No matter what they’re called, they happen to be one of my favorite ways to start the morning, and when I travel around the country, I make it a point to seek out the very best local places to find these breakfast staples. I personally don’t like a lot of extra stuff on or in my pancakes: whipped cream, chocolate chips, strawberry sauce, ice cream, hot fudge – in my opinion they are just ways to mask a boring pancake. A really top-notch pancake should be able to stand on its own, maybe with some simple blueberries in the batter, and always with a little help from butter and real maple syrup.
I am updating this post for the first time in two years. Things change: even the most fabulous restaurants may go out of business; some places that used to be good seem to fade in quality; and in my continued travels, I discover new places that I feel obligated to include in my list. So… here are my latest rankings as of October, 2022.
I recently spent a weekend in Myrtle Beach, South Carolina and during that visit, friends in the area invited me to join them for a wonderful event at Brookgreen Gardens, located in nearby Murrell’s Inlet.
When I’d cover the topic of hurricanes in the course on Natural Disasters that I taught for many years at my former university, I’d sometimes joke that these storms seemed to have an uncanny knack, an amazing ability to aim for highly vulnerable mobile home parks. Well, not unlike a Category 5 hurricane, I recently cut a swath across Florida’s midsection from the Gulf to the Atlantic, and while mobile home parks remained safe and untouched, every highly rated restaurant on tripadvisor.com was directly in my path. Hurricane Matt, the first unofficial storm of the 2021 Hurricane Season, left his mark on the Sunshine State. Let’s retrace the path of this culinary storm.
Just a half hour east of Memphis you’ll find the truly charming town of Collierville, Tennessee. A walk around its picturesque central square, and the myriad little shops and restaurants that surround it, will make you feel like you’ve stepped back in time to an innocent 1950s or 1960s sitcom back lot. Visiting earlier this month, with the square decked out in Christmas lights and decorations, I would have sworn I had been transported into a Hallmark Channel Christmas movie!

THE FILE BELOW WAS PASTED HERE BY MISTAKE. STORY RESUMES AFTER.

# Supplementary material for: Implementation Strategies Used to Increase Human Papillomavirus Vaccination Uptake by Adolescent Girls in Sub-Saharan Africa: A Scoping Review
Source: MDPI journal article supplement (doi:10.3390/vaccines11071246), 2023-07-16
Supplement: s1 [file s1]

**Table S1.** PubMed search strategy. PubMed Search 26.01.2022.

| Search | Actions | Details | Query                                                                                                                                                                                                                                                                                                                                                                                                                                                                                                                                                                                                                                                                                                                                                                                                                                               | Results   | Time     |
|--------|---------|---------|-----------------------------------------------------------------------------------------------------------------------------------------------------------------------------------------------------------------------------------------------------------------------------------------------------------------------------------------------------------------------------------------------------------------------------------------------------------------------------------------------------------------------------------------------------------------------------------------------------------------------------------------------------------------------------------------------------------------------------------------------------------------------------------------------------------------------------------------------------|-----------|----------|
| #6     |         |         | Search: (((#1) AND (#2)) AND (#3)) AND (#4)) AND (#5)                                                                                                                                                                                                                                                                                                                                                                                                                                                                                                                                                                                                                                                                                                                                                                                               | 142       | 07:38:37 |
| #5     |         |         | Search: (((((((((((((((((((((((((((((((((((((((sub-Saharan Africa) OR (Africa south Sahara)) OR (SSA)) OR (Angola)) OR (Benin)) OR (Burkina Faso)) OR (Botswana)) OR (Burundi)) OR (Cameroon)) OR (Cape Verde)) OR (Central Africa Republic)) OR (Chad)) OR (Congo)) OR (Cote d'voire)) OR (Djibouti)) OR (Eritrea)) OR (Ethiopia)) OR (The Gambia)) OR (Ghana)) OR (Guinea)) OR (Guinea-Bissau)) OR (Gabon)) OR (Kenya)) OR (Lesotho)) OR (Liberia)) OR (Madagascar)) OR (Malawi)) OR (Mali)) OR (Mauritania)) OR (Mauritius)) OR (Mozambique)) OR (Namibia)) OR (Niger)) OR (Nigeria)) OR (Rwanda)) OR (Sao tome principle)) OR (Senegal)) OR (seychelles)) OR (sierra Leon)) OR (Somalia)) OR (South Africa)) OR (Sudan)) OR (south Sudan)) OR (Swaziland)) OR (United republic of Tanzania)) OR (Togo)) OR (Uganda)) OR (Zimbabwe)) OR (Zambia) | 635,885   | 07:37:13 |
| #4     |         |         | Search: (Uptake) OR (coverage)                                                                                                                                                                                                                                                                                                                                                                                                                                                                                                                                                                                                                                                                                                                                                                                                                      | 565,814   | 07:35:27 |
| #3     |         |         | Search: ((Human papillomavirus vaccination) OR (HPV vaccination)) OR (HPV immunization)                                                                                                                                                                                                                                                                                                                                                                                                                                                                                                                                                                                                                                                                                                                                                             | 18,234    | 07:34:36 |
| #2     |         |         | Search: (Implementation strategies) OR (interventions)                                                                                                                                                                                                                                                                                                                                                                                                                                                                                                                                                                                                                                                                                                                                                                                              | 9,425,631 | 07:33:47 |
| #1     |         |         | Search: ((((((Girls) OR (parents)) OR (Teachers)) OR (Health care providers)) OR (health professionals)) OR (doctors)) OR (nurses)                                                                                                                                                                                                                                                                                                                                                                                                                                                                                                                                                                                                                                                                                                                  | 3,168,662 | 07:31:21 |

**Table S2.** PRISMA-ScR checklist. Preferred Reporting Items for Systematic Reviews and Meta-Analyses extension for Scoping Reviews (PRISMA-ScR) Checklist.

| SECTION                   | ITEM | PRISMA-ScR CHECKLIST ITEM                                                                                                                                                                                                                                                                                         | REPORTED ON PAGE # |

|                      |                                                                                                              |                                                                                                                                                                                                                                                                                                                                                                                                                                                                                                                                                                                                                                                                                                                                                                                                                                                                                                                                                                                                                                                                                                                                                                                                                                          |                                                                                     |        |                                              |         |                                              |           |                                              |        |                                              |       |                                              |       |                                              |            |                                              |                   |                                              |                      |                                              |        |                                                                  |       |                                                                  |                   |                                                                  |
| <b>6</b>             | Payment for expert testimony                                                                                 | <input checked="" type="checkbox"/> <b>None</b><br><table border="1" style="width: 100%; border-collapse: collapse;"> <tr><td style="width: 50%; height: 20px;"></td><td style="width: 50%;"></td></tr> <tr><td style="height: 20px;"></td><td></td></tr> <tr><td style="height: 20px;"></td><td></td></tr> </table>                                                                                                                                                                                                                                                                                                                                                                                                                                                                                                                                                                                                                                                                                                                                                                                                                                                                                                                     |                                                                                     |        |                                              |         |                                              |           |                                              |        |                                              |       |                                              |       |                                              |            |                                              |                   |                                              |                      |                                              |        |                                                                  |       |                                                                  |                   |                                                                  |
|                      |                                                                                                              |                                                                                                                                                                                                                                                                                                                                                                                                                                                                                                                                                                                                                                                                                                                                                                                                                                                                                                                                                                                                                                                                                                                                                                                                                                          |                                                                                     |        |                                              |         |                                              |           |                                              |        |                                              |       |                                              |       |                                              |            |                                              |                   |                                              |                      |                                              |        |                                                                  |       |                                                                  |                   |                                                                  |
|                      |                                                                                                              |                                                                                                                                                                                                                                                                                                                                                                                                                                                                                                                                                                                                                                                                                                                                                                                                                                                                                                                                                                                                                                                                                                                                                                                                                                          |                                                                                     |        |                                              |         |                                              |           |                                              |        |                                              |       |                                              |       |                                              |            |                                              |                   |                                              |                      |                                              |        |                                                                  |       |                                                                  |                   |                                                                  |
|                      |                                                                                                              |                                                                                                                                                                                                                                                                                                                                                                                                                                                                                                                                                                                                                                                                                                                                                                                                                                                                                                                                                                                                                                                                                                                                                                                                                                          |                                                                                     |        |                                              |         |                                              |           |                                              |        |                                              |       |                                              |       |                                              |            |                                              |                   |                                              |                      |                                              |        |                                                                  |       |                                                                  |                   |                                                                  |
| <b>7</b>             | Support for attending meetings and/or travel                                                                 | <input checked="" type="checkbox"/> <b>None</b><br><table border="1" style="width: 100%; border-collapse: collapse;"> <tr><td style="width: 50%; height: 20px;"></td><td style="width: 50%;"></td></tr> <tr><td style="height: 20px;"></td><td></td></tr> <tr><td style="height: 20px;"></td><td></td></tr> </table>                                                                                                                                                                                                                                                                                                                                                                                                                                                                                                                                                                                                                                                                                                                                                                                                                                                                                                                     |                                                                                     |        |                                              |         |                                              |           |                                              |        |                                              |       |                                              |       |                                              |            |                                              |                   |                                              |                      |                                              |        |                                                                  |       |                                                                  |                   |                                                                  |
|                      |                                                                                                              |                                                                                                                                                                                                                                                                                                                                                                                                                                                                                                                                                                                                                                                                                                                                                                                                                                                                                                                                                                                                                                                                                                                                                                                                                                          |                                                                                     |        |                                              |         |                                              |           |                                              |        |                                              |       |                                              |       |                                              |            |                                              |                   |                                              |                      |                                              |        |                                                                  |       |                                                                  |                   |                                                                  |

During an overnight stay in Dover, New Hampshire I was looking online for a good place to eat dinner, and my google search led me across the border to the town of South Berwick, Maine where I discovered an unassuming little restaurant called Fogarty’s.
The horror genre has never been a favorite of mine, and I typically avoid these types of TV shows or movies like the plague. However, about two years ago I happened to be curled up in a warm hotel room on a chilly New Year’s Eve, avoiding the crowds and the drinking and the sub-freezing temperatures. Flipping through the TV channels I stumbled upon a marathon of The Walking Dead on AMC.
The iconic Season 1 poster
The same view from Atlanta’s Jacskon Street Bridge
This past weekend I attended the Western Psychological Association conference in Portland, Oregon. This conference happens every year and is held somewhere in the western states. Some years it’s in an exciting destination like Palm Springs, Las Vegas, Cancun, Mexico or Vancouver, Canada. Other years we find ourselves in such lackluster destinations as Sacramento, Reno or worse yet, Irvine or Burlingame, California. Therefore, my students, colleagues and I are always excited when the conference is held in Portland, and thankfully this is the 3rd time in the last 10 years that Portland was chosen as the site.
I was born and raised in New Bedford, Massachusetts, about an hour south of Boston and a half an hour east of Providence, Rhode Island. Although I left New England in 1980 for graduate school in Virginia and subsequently southern California, it is still “home” to me, and I make visits back there several times a year, with a cross country road trip every summer and every Christmas. Because I have made the trip so many times, I begin to feel like I’m already on home turf by the time I reach Pennsylvania, but crossing the border from New York into Connecticut, one of the six New England states, means I’m “home”.
After my first visit south of the Mason-Dixon line some 40 years ago, I joked that now I understood the reason that the South lost the Civil War. They were obviously too full from all their amazing foods to be able to fight at full effectiveness. Despite the fact that I was born a Yankee, I lived in Virginia for a couple of years and I’ve traveled through the southern states often. From the Carolinas to Texas, I find the people to be among the warmest, most welcoming and polite I’ve ever encountered.